From Strategic Culture
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Like a good wine, Russian President Vladimir Putin's famous speech delivered in Munich 10 years ago regarding global security has been rewarded with time. A decade on, the many facets contained in that address have only become all the more enhanced and tangible.
Speaking to a senior international audience at the annual Munich Security Conference, on February 10, 2007, the Russian leader opened by saying he was going to speak about world relations forthrightly and not in "empty diplomatic terms." In what followed, Putin did not disappoint. With candor and incisiveness, he completely leveled the arrogance of American unilateral power.
He condemned the "aspirations of world supremacy" as a danger to global security. "We are seeing a greater and greater disdain for the basic principles of international law," adding at a later point: "One state and, of course, first and foremost the United States, has overstepped its national borders in every way."
But, moreover, Putin presciently predicted that the American arrogance of unipolar dominance would in the end lead to the demise of the power from seeking such supremacy.
A unipolar world, he said, is "a world in which there is one master, one sovereign. And at the end of the day this is pernicious not only for all those within this system, but also for the sovereign itself because it destroys itself from within."
Ten years on from that call, few can doubt that the global standing of the United States has indeed spectacularly fallen -- just as Putin had forewarned back in 2007. The most recent example of demise was the sordid business earlier this month of arm-twisting and bullying by the US at the United Nations over the tabled resolutions repudiating Washington's ill-considered declaration of Jerusalem as the Israeli capital.
Other examples of fallen American leadership can be seen in regard to President Trump's reckless threats of war -- instead of diplomacy -- with North Korea over its nuclear weapons program. Or Trump's irrational and unfounded belligerence towards Iran. The American propensity for using military force regardless of diplomacy and international law leaves most nations feeling a shudder of contempt and trepidation.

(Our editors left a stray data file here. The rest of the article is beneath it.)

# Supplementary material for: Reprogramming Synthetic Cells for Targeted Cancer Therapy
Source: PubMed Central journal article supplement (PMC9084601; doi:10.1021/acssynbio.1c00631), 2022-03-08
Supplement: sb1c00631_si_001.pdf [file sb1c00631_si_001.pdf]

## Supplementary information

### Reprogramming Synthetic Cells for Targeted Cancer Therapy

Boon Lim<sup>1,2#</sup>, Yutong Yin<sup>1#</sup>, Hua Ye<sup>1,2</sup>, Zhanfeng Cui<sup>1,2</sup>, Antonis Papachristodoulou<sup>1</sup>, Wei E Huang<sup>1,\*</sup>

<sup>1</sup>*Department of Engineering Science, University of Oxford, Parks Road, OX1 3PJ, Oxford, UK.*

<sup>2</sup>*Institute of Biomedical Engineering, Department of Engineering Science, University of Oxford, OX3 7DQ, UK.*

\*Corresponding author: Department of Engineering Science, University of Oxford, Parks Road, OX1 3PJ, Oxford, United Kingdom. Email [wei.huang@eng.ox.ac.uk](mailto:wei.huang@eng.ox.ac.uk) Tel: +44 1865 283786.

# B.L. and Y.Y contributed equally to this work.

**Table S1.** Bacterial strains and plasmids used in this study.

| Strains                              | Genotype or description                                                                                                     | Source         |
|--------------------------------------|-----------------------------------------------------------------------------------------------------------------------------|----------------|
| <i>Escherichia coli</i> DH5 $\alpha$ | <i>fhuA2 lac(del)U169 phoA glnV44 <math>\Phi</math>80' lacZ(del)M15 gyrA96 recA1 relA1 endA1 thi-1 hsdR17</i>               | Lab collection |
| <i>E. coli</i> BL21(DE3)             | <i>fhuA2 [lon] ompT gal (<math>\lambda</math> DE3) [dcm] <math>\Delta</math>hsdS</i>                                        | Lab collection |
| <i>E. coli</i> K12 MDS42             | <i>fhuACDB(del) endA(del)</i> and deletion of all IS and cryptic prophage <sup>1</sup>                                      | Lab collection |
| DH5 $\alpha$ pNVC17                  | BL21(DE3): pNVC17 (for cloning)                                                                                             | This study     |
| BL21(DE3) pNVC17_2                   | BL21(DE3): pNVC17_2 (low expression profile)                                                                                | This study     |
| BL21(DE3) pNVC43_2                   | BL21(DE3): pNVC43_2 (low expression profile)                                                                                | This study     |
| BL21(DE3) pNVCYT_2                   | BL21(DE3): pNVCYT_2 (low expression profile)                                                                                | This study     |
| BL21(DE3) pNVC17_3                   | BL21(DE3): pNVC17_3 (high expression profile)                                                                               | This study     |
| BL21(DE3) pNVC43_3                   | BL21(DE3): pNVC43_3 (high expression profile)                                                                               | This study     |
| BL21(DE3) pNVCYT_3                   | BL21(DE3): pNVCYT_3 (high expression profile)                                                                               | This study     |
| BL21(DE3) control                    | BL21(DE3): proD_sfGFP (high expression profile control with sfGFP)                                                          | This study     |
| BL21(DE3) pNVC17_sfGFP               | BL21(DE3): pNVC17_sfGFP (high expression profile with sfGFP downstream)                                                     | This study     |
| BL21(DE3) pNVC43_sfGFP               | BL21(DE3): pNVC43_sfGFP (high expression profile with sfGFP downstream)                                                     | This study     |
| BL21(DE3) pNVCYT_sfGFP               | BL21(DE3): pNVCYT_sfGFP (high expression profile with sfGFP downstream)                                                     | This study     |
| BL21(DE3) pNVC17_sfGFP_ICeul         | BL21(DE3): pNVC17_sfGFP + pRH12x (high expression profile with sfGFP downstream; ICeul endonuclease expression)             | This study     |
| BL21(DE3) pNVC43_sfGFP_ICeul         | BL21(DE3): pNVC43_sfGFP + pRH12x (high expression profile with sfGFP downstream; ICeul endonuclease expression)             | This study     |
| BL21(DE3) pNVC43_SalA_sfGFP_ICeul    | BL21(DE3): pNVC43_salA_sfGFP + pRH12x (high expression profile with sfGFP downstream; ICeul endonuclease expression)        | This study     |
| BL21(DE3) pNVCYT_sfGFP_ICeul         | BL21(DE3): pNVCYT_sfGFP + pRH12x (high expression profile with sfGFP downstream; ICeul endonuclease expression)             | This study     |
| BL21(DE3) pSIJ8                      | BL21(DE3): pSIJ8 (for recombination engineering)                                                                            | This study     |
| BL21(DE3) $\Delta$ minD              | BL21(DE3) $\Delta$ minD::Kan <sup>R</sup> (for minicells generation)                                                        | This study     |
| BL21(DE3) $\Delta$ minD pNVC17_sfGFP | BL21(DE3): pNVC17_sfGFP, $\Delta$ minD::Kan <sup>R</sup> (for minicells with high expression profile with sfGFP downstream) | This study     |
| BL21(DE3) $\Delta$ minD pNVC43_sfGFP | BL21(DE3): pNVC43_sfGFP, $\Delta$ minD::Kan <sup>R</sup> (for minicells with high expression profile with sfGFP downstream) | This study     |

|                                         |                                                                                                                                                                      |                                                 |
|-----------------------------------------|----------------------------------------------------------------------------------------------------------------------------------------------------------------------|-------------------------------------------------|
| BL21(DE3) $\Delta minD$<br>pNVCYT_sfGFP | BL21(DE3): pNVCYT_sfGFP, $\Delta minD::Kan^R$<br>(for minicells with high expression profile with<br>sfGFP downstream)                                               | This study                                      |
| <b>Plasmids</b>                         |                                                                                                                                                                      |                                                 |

Another example of fallen American leadership is seen in the boorish way the Trump administration has unilaterally rejected the 2015 international Paris Accord to combat deleterious climate change. Trump views it as a conspiracy to undermine the American economy, as he alluded to in his recent National Security Strategy. How can such a self-declared global leader be taken seriously, much less, with respect?
Putin's warning that the unipolar-seeking US would "destroy itself" could not be more apt.
Because in order to seek such supremacy, such a power, by necessity of its ambition, must reject the rule of law and the principle of democracy as being nothing other than bothersome constraints on its hegemony.
President Trump likes to talk at times about the "peaceful coexistence of sovereign nation states." But whatever virtue he may be intending or paying lip service to, it is totally negated by American ambitions of unipolar dominance -- ambitions that have been harbored in successive administrations in Washington since the end of the Cold War more than 25 years ago.
To this view of the world, Putin said: "I consider that the unipolar model is not only unacceptable but also impossible in today's world."
The impossibility, and impermissibility, stems from the inevitable tendency of unilateral conduct, which rejects the principle of all being equal under the law. The would-be unipolar hegemon, by definition, sees itself as above the law. Such a self-anointed view of oneself leads to tyranny and abuse of power.
Since the end of the Cold War balance of power between the US and the former Soviet Union, the world has been plunged into a state of permanent wars and conflicts, due to the proclivity of the United States to act alone and on the basis that its "might is right."
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